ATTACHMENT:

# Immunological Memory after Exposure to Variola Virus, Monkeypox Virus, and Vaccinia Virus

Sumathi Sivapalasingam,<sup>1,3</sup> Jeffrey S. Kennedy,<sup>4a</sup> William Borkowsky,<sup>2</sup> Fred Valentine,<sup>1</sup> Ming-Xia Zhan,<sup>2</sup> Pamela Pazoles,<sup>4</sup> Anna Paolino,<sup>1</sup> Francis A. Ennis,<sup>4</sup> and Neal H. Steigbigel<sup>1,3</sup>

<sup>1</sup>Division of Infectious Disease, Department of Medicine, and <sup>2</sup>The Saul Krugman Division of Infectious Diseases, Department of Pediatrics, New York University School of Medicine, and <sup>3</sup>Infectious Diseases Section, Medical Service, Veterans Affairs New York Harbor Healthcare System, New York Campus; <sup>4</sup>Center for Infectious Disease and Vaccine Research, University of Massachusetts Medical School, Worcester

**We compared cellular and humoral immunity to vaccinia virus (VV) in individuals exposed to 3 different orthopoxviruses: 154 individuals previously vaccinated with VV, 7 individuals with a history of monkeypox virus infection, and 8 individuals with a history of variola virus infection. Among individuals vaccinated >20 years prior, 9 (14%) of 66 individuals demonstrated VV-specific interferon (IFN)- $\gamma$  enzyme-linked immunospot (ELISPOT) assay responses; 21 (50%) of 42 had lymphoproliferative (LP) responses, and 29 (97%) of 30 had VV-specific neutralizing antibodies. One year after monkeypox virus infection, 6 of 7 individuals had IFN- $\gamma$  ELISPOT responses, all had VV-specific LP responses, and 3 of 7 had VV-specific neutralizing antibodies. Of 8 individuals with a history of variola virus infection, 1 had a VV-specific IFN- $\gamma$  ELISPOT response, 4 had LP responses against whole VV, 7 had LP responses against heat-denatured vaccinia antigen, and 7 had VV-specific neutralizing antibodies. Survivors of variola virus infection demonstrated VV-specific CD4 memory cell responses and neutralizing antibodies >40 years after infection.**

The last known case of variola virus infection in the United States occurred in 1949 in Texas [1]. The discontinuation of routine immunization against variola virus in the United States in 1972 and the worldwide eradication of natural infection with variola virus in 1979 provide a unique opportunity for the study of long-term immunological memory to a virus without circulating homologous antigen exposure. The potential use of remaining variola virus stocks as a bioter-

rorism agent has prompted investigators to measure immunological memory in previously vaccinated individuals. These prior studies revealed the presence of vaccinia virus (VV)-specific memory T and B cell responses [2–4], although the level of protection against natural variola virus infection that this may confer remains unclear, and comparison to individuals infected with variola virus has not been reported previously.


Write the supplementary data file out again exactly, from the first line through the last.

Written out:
# Immunological Memory after Exposure to Variola Virus, Monkeypox Virus, and Vaccinia Virus

Sumathi Sivapalasingam,<sup>1,3</sup> Jeffrey S. Kennedy,<sup>4a</sup> William Borkowsky,<sup>2</sup> Fred Valentine,<sup>1</sup> Ming-Xia Zhan,<sup>2</sup> Pamela Pazoles,<sup>4</sup> Anna Paolino,<sup>1</sup> Francis A. Ennis,<sup>4</sup> and Neal H. Steigbigel<sup>1,3</sup>

<sup>1</sup>Division of Infectious Disease, Department of Medicine, and <sup>2</sup>The Saul Krugman Division of Infectious Diseases, Department of Pediatrics, New York University School of Medicine, and <sup>3</sup>Infectious Diseases Section, Medical Service, Veterans Affairs New York Harbor Healthcare System, New York Campus; <sup>4</sup>Center for Infectious Disease and Vaccine Research, University of Massachusetts Medical School, Worcester

**We compared cellular and humoral immunity to vaccinia virus (VV) in individuals exposed to 3 different orthopoxviruses: 154 individuals previously vaccinated with VV, 7 individuals with a history of monkeypox virus infection, and 8 individuals with a history of variola virus infection. Among individuals vaccinated >20 years prior, 9 (14%) of 66 individuals demonstrated VV-specific interferon (IFN)- $\gamma$  enzyme-linked immunospot (ELISPOT) assay responses; 21 (50%) of 42 had lymphoproliferative (LP) responses, and 29 (97%) of 30 had VV-specific neutralizing antibodies. One year after monkeypox virus infection, 6 of 7 individuals had IFN- $\gamma$  ELISPOT responses, all had VV-specific LP responses, and 3 of 7 had VV-specific neutralizing antibodies. Of 8 individuals with a history of variola virus infection, 1 had a VV-specific IFN- $\gamma$  ELISPOT response, 4 had LP responses against whole VV, 7 had LP responses against heat-denatured vaccinia antigen, and 7 had VV-specific neutralizing antibodies. Survivors of variola virus infection demonstrated VV-specific CD4 memory cell responses and neutralizing antibodies >40 years after infection.**

The last known case of variola virus infection in the United States occurred in 1949 in Texas [1]. The discontinuation of routine immunization against variola virus in the United States in 1972 and the worldwide eradication of natural infection with variola virus in 1979 provide a unique opportunity for the study of long-term immunological memory to a virus without circulating homologous antigen exposure. The potential use of remaining variola virus stocks as a bioter-

rorism agent has prompted investigators to measure immunological memory in previously vaccinated individuals. These prior studies revealed the presence of vaccinia virus (VV)-specific memory T and B cell responses [2–4], although the level of protection against natural variola virus infection that this may confer remains unclear, and comparison to individuals infected with variola virus has not been reported previously.